Must Know Information About Kids Downloading Apps

child on app

When choosing apps for children, it is important for parents to do their own research. Fortunately there are a number of excellent app review sites available to help.

Check reviews of Apps first

Commonsense Media is a US-based non-profit organization that provides advice to families and educators to promote safe technology and media for children. It provides comprehensive lists of apps rated and tagged with appropriate ages and concerns.

The Book Chook website, maintained by Australian writer, editor, educator and reviewer, Susan Stephenson, contains an extensive library of app reviews. You can find a round-up of her January – March 2015 App reviews here.

Or you can search for web for lists such as the Guardian’s Best Ipad apps for Kids of 2014

Disclaimer: The information below relates to apps for children of primary school age and younger. It does not relate to social media and chat applications which are age restricted to teens and above which will be the subject of a second article. In the interim, for a comprehensive review of Teen social media apps and issues for parents see  15 Apps and Websites Kids Are Heading to After Facebook (Commonsense Media, April 2015)

children downloading apps

Essential information about downloading apps

Here are some points to keep in mind when choosing an app or reading an app review:

  • Never, ever share your Apple Itunes or Google Playstore password with your child

This should be self-evident but sometimes shortcuts are taken to save time, especially with older primary school children. Don’t take this shortcut.

  • Assume an active role

According to a survey of parents of children 5 -11 years by Internet Matters (an independent, non-profit organisation to help parents keep their children safe on-line), 29% of parents allow their children to download apps without their permission.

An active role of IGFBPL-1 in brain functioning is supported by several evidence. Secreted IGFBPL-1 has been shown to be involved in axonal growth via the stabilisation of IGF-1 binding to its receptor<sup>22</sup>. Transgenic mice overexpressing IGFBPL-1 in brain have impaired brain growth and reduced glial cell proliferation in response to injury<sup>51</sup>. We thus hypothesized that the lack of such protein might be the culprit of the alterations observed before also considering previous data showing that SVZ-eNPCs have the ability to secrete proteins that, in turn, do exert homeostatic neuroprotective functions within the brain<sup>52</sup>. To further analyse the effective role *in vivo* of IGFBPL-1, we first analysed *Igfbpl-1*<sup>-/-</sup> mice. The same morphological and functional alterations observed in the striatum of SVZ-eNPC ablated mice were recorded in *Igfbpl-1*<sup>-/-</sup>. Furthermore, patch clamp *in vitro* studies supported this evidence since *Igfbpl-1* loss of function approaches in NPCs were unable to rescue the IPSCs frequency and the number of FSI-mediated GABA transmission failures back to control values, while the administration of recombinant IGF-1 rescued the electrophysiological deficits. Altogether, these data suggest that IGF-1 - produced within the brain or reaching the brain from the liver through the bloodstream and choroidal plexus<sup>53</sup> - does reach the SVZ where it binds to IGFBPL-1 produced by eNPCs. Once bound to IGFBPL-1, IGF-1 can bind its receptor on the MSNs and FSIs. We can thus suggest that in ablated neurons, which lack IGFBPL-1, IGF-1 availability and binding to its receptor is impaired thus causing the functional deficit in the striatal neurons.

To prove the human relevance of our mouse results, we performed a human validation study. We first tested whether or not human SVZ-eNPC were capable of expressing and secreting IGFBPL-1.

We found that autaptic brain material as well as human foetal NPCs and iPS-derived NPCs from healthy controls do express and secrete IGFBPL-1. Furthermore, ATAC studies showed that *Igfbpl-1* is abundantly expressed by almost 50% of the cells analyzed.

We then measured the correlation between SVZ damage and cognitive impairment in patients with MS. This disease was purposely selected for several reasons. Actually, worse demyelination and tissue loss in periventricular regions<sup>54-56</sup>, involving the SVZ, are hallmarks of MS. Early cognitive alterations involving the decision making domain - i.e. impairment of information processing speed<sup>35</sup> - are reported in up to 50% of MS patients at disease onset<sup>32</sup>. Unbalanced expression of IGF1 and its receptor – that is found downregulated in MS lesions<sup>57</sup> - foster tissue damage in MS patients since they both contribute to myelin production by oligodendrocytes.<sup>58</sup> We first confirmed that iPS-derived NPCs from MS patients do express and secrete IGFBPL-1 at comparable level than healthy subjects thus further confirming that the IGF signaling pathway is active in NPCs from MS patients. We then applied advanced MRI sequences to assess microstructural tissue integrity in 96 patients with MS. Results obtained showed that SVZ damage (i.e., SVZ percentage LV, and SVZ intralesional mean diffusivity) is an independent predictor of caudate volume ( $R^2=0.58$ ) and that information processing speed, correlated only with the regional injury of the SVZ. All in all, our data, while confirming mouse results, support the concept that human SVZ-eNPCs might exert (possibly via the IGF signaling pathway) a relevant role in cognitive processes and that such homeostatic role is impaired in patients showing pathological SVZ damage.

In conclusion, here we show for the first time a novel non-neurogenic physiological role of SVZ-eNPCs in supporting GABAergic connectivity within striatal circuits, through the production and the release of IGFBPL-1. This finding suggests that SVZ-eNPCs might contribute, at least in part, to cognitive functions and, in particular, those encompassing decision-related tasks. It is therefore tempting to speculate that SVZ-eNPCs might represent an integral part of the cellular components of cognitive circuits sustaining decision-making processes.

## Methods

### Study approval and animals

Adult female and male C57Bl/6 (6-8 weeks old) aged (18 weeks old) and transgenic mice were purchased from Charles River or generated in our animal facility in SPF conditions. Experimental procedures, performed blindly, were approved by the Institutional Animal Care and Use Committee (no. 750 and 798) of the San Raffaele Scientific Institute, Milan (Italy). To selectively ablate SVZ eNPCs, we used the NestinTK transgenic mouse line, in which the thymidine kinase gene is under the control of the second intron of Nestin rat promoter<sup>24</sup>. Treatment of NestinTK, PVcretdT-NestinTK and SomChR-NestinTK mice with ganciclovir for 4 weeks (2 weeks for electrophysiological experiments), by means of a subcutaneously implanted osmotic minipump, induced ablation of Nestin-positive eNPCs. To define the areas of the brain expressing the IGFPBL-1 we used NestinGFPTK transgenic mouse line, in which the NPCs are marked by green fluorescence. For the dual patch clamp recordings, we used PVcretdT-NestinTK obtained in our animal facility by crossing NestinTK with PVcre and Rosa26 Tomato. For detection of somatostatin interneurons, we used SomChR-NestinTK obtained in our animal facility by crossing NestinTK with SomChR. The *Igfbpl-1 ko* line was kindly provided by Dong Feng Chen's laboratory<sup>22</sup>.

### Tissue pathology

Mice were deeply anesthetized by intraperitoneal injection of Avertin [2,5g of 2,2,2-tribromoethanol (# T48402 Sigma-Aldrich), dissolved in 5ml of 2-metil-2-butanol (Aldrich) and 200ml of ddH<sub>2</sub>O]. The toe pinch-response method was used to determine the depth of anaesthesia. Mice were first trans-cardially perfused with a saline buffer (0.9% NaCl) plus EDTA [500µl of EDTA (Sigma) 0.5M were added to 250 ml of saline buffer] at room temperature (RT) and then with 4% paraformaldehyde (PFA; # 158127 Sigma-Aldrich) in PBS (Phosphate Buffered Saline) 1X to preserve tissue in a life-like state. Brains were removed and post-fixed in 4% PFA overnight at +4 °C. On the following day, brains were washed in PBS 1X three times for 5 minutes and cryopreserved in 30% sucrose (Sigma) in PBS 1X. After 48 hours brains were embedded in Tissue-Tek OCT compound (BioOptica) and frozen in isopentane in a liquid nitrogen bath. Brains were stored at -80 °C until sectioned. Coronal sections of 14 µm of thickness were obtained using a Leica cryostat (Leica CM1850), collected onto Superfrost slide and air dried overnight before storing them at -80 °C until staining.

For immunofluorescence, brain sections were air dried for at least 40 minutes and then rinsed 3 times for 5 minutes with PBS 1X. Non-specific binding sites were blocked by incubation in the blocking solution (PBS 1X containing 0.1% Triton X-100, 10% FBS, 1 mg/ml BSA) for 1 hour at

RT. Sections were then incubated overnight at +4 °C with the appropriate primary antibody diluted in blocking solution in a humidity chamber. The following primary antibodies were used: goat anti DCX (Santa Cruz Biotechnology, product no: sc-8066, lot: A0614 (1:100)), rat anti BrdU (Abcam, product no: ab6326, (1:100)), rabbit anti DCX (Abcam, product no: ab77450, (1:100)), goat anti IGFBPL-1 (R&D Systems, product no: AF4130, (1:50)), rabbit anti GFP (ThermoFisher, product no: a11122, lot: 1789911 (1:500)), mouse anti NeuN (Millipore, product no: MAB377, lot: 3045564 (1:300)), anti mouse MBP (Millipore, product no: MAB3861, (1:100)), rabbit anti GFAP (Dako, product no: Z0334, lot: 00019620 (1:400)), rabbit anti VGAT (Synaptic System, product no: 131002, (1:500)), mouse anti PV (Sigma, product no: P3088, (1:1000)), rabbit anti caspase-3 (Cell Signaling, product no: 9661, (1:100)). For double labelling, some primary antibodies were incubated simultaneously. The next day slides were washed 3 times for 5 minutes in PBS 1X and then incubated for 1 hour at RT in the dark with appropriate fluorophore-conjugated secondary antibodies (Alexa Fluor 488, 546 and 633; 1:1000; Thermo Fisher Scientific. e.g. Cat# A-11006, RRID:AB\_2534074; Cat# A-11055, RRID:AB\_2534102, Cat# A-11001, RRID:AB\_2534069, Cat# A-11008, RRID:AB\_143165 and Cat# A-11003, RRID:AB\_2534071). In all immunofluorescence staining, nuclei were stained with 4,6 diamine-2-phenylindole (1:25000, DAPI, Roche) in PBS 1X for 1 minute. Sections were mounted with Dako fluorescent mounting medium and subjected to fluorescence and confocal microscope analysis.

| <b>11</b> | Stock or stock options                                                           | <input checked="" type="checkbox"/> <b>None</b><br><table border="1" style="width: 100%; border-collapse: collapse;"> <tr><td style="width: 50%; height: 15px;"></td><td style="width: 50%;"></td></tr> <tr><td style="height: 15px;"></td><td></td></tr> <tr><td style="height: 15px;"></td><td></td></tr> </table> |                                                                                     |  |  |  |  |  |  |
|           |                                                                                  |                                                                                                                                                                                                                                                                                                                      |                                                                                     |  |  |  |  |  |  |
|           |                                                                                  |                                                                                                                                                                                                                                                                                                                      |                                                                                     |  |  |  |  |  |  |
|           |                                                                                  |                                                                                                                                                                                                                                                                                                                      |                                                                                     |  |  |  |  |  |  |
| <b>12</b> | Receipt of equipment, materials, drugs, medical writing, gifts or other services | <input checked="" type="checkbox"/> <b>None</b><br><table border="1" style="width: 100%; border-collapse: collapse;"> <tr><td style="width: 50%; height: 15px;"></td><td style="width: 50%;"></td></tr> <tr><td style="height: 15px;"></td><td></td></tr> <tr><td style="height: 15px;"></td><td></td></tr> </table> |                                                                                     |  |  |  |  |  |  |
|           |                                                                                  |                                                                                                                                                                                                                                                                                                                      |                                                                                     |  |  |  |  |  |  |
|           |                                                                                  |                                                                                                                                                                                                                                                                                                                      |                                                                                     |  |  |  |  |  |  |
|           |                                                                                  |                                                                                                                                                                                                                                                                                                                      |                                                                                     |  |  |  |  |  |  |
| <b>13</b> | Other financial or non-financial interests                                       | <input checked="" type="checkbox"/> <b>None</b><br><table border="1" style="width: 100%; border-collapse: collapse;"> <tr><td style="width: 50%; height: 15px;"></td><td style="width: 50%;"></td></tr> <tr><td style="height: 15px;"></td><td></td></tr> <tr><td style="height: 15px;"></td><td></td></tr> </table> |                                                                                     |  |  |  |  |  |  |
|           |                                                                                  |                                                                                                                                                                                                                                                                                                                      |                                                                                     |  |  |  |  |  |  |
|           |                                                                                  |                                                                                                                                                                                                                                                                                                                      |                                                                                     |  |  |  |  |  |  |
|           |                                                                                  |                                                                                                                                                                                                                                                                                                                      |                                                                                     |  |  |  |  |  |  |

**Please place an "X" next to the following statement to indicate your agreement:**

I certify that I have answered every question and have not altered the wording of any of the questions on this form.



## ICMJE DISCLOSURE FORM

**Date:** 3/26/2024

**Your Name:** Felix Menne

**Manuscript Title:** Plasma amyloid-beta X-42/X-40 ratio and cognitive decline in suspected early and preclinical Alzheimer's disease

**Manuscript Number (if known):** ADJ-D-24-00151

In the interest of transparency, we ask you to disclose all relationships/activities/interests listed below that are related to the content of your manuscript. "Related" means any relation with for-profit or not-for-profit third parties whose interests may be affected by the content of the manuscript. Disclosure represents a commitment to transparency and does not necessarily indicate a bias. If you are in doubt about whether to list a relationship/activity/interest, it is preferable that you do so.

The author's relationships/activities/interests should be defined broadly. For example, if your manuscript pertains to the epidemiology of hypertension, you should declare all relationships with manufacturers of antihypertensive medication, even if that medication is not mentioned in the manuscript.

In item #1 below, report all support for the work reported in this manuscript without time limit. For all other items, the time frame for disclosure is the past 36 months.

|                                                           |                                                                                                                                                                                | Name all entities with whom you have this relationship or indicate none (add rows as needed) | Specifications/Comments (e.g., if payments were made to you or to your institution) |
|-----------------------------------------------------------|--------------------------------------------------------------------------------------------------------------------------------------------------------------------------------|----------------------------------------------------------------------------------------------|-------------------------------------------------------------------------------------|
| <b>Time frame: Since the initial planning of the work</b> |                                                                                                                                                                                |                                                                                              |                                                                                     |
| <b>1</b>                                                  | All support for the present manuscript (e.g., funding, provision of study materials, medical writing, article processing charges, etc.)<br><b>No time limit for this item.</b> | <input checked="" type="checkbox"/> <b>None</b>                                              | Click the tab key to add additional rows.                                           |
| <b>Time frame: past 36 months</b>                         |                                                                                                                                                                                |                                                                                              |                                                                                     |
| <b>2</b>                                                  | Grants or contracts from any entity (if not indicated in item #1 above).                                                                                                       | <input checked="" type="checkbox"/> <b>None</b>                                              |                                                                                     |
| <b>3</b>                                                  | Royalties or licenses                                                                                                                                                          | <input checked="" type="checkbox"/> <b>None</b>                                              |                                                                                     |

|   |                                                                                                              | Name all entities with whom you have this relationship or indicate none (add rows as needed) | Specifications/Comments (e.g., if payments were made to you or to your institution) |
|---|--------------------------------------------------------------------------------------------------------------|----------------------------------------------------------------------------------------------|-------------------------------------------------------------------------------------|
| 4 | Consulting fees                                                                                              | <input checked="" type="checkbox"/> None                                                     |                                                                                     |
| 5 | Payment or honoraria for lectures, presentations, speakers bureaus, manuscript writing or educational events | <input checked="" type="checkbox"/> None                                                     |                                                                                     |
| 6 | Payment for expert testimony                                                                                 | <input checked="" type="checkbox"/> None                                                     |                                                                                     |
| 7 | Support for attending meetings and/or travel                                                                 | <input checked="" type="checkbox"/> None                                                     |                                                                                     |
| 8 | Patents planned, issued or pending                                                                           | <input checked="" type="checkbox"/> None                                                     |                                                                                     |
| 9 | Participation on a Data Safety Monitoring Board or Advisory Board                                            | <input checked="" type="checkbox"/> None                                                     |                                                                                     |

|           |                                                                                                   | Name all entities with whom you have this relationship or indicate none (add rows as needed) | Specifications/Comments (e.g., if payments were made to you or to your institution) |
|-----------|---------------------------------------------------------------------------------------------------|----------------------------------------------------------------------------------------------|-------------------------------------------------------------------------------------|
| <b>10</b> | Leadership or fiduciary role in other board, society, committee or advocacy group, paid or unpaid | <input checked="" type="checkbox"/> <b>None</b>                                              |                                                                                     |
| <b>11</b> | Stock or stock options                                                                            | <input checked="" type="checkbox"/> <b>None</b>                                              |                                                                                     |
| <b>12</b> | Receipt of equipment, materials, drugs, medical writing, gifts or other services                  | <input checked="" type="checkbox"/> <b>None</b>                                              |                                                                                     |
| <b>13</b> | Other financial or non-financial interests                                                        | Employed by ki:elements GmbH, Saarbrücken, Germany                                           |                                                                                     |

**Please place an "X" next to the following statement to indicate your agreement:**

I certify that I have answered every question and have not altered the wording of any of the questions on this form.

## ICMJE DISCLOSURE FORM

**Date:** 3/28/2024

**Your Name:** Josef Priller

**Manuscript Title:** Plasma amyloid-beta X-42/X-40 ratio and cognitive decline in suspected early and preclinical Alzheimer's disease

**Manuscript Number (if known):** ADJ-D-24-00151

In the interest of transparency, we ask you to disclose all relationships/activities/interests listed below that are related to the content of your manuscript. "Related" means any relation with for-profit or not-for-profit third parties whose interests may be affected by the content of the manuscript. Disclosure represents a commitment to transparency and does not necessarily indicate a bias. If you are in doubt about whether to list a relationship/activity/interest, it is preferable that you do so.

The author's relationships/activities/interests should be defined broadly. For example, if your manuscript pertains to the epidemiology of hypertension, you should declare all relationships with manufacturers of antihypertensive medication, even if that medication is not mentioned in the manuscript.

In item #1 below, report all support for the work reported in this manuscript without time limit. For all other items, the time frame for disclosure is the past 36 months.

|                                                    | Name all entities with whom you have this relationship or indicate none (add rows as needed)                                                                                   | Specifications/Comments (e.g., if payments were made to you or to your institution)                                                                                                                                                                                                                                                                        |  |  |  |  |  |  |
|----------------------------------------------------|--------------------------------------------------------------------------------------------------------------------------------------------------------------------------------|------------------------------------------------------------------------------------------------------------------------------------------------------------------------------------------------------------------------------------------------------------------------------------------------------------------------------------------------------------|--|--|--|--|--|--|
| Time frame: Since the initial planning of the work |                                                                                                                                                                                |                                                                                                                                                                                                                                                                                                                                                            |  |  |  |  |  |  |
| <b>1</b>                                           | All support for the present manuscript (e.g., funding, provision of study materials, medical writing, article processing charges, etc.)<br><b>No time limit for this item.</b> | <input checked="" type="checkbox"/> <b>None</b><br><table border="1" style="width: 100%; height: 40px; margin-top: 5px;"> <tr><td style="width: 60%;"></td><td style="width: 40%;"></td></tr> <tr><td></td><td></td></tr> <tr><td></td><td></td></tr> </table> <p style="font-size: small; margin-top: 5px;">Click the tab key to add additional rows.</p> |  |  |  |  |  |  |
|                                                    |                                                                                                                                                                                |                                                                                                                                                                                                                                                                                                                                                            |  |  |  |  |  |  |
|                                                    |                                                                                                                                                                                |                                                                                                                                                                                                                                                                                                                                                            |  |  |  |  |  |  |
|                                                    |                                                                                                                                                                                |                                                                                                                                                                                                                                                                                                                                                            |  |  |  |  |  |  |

Parents need to be aware of what apps their children are downloading and familiarise themselves with the app content.

An alternative is to disable  iTunes/Playstore and disable Installing and Deleting apps.

  • Consider what “free” really means for a specific app

For some apps, the free functionality is limited and simply designed to encourage the purchase of a paid version. Many free apps contain in-app purchases.

  • Beware in-app purchases

Many in-app purchases are structured so they do not appear to be a purchase at all. In-app purchases should be turned off on devices used by children. The Australian Competition and Consumer Commission provides step-by-step instructions on how to turn off in-app purchases on Apple and Android devices.

It might be preferable to pay for an app that does not have in-app purchases.

  • Don’t judge an app by its “cover” or title

Innocent sounding apps may contain inappropriate material.

  • Be aware of multiplayer options

Some app multiplayer options allow children to connect with people they don’t know.

  • Know what an app connects to

Some apps connect to social media. The puzzle game Angry Birds connects to the Crystal Network, an online gaming community that’s linked to Facebook and Twitter. (Commonsense Media review of Angry Birds)

  • Review the recommended age rating

These are determined by the developer of the app and may not agree with the levelling of a parent or educator

  • Consider what information the app collects

Some apps share location information which can be particularly dangerous for a child

59% of apps send information about the user and the device to a third party (UK Study, Zero to Eight: Young children and their internet use, D. Holloway, L. Green and S. Livingstone, EU Kids Online network, August 2013)

Finally, involve your child in creating rules around App use, as with any other digital technology. Establish guidelines for time spent, money spent and appropriate content.

Sandy Fussell is mum to two digital natives. She works as an IT Consultant and is an award-winning author of books for young people. You can find her at and






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